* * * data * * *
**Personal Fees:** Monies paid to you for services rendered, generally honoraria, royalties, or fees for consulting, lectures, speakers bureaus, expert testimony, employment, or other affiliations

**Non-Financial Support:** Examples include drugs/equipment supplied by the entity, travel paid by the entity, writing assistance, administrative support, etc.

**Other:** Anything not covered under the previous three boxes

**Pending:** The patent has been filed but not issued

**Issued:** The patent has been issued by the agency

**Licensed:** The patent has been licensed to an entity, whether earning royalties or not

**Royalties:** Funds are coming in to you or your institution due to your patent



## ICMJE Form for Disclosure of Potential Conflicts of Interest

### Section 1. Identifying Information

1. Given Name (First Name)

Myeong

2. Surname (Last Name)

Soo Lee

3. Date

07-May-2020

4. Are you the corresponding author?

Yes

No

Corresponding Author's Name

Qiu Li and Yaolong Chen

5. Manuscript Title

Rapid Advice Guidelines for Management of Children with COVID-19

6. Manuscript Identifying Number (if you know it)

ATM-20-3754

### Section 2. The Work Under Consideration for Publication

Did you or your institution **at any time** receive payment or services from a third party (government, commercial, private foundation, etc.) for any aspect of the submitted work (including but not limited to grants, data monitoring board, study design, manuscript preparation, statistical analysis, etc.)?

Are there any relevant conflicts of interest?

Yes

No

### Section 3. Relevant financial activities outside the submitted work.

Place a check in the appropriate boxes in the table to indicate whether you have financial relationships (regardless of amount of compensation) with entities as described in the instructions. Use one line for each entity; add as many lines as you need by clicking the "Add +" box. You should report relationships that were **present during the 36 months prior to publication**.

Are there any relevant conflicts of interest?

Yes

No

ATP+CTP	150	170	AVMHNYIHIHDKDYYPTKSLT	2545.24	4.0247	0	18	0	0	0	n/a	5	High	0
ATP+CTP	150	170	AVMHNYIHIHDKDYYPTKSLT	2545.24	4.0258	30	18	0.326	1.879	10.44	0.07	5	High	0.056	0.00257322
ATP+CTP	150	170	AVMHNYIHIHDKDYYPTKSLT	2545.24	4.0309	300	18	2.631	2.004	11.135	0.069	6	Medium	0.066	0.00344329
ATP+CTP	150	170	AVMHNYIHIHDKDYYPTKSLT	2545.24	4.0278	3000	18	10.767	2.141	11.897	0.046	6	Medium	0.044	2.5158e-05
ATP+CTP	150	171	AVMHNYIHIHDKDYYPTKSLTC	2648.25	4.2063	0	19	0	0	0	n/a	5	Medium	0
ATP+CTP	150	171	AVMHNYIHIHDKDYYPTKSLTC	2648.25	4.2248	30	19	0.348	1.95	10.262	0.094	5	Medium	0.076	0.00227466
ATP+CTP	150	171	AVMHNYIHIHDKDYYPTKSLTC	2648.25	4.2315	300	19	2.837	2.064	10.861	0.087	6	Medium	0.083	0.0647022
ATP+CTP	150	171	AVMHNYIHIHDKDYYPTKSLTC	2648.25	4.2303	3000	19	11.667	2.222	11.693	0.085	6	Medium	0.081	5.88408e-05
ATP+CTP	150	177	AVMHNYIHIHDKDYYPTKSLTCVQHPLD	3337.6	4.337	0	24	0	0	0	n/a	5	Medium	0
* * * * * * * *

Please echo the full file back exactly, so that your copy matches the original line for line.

**Personal Fees:** Monies paid to you for services rendered, generally honoraria, royalties, or fees for consulting, lectures, speakers bureaus, expert testimony, employment, or other affiliations

**Non-Financial Support:** Examples include drugs/equipment supplied by the entity, travel paid by the entity, writing assistance, administrative support, etc.

**Other:** Anything not covered under the previous three boxes

**Pending:** The patent has been filed but not issued

**Issued:** The patent has been issued by the agency

**Licensed:** The patent has been licensed to an entity, whether earning royalties or not

**Royalties:** Funds are coming in to you or your institution due to your patent



## ICMJE Form for Disclosure of Potential Conflicts of Interest

### Section 1. Identifying Information

1. Given Name (First Name)

Myeong

2. Surname (Last Name)

Soo Lee

3. Date

07-May-2020

4. Are you the corresponding author?

Yes

No

Corresponding Author's Name

Qiu Li and Yaolong Chen

5. Manuscript Title

Rapid Advice Guidelines for Management of Children with COVID-19

6. Manuscript Identifying Number (if you know it)

ATM-20-3754

### Section 2. The Work Under Consideration for Publication

Did you or your institution **at any time** receive payment or services from a third party (government, commercial, private foundation, etc.) for any aspect of the submitted work (including but not limited to grants, data monitoring board, study design, manuscript preparation, statistical analysis, etc.)?

Are there any relevant conflicts of interest?

Yes

No

### Section 3. Relevant financial activities outside the submitted work.

Place a check in the appropriate boxes in the table to indicate whether you have financial relationships (regardless of amount of compensation) with entities as described in the instructions. Use one line for each entity; add as many lines as you need by clicking the "Add +" box. You should report relationships that were **present during the 36 months prior to publication**.

Are there any relevant conflicts of interest?

Yes

No

ATP+CTP	150	170	AVMHNYIHIHDKDYYPTKSLT	2545.24	4.0247	0	18	0	0	0	n/a	5	High	0
ATP+CTP	150	170	AVMHNYIHIHDKDYYPTKSLT	2545.24	4.0258	30	18	0.326	1.879	10.44	0.07	5	High	0.056	0.00257322
ATP+CTP	150	170	AVMHNYIHIHDKDYYPTKSLT	2545.24	4.0309	300	18	2.631	2.004	11.135	0.069	6	Medium	0.066	0.00344329
ATP+CTP	150	170	AVMHNYIHIHDKDYYPTKSLT	2545.24	4.0278	3000	18	10.767	2.141	11.897	0.046	6	Medium	0.044	2.5158e-05
ATP+CTP	150	171	AVMHNYIHIHDKDYYPTKSLTC	2648.25	4.2063	0	19	0	0	0	n/a	5	Medium	0
ATP+CTP	150	171	AVMHNYIHIHDKDYYPTKSLTC	2648.25	4.2248	30	19	0.348	1.95	10.262	0.094	5	Medium	0.076	0.00227466
ATP+CTP	150	171	AVMHNYIHIHDKDYYPTKSLTC	2648.25	4.2315	300	19	2.837	2.064	10.861	0.087	6	Medium	0.083	0.0647022
ATP+CTP	150	171	AVMHNYIHIHDKDYYPTKSLTC	2648.25	4.2303	3000	19	11.667	2.222	11.693	0.085	6	Medium	0.081	5.88408e-05
ATP+CTP	150	177	AVMHNYIHIHDKDYYPTKSLTCVQHPLD	3337.6	4.337	0	24	0	0	0	n/a	5	Medium	0